However, even if he doesn’t have a “Jungleland” or an “Incident” in his back pocket (yet, at least), Church is clearly a disciple of Springsteen’s touring philosophy. Bruce’s tours rarely feature an opening act, leaving the whole evening for The Boss and his E Street Band to give fans more of what they really came to see. Church’s current tour—the Holdin’ My Own Tour, in support of his 2015 record Mr. Misunderstood—also features no opener. Bruce shows, as already discussed, frequently go on for three hours and sometimes even push to four. In January, Rolling Stone published a report on Church’s sold-out show at Brooklyn’s Barclays Center, which featured 38 songs and stretched on for three hours and 20 minutes. And while Church doesn’t switch up the setlist quite as much as The Boss does, the career-spanning nature of his concerts makes it clear that he’s willing to pull out just about any song in his catalog depending on the night. From the arena rock of “Give Me Back My Hometown” to the metal surge of “The Outsiders,” all the way to reflective acoustic heartbreakers like “Those I’ve Loved,” Church’s shows offer a little bit of everything.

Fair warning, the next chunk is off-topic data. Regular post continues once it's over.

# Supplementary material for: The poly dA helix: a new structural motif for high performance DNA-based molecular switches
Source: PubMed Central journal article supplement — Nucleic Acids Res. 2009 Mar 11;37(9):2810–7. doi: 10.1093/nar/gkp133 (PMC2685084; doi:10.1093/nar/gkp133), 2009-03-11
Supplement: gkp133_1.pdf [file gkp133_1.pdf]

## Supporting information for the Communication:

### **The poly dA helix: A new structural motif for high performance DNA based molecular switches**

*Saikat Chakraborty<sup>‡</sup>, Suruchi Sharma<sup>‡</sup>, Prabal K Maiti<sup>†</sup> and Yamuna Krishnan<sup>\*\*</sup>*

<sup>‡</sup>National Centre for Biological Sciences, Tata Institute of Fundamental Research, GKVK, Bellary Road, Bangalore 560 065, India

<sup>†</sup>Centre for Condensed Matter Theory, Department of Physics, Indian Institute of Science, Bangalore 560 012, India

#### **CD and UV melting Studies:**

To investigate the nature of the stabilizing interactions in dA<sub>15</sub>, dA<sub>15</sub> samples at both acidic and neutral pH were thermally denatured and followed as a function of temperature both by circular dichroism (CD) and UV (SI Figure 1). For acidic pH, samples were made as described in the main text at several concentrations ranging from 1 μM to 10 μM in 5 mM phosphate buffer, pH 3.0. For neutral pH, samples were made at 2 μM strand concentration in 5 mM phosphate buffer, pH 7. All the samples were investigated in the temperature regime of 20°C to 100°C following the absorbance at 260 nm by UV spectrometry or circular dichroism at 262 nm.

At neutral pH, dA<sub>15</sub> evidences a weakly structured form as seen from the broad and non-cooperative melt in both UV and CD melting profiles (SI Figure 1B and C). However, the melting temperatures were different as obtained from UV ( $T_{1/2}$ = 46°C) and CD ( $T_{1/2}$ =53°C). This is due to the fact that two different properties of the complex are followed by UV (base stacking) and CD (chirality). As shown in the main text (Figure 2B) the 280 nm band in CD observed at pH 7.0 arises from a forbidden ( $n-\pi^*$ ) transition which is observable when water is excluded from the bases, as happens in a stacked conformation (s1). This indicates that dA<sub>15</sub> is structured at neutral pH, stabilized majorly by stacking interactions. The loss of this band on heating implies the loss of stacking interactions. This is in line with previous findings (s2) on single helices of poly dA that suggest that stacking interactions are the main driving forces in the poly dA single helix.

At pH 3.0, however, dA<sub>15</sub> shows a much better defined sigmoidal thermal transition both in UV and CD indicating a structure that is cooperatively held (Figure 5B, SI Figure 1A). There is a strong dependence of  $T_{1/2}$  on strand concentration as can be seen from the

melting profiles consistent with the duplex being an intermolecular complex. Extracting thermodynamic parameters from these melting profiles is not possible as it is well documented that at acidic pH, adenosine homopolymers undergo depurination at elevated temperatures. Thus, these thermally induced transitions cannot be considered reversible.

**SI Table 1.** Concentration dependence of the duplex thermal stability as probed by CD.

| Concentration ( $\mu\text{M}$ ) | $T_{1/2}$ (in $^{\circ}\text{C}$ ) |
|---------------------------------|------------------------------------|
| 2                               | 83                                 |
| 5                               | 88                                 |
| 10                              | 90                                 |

The past decade has seen multiple artists anointed as the “new Springsteen.” The Gaslight Anthem’s Brian Fallon is the most obvious candidate, but other artists and bands—from The Hold Steady to Jason Isbell to The Killers—have been repeatedly compared to Bruce as well. Sonically, Eric Church doesn’t fit the template quite as well as any of them. “Springsteen” is a lovely tune, but it doesn’t actually sound like Bruce. And while Mr. Misunderstood had more than a little bit of The River and Nebraska in its DNA, it was still absolutely a country album.

But in the category of live music, there is no modern artist that mirrors Bruce’s passionate, hard-working intensity quite like Church. “I’m not tired!” Church told the audience at his Barclays Center show in January, right before kicking into the encore. For the 39-year-old Church, that kind of endurance is perhaps a bit less impressive than it is coming from a guy who is pushing 70. It doesn’t matter, though: you can count on one hand the number of artists that are willing and able to play three-hour-plus show in this day and age, and it’s comforting to have a guy like Eric Church keeping the tradition alive.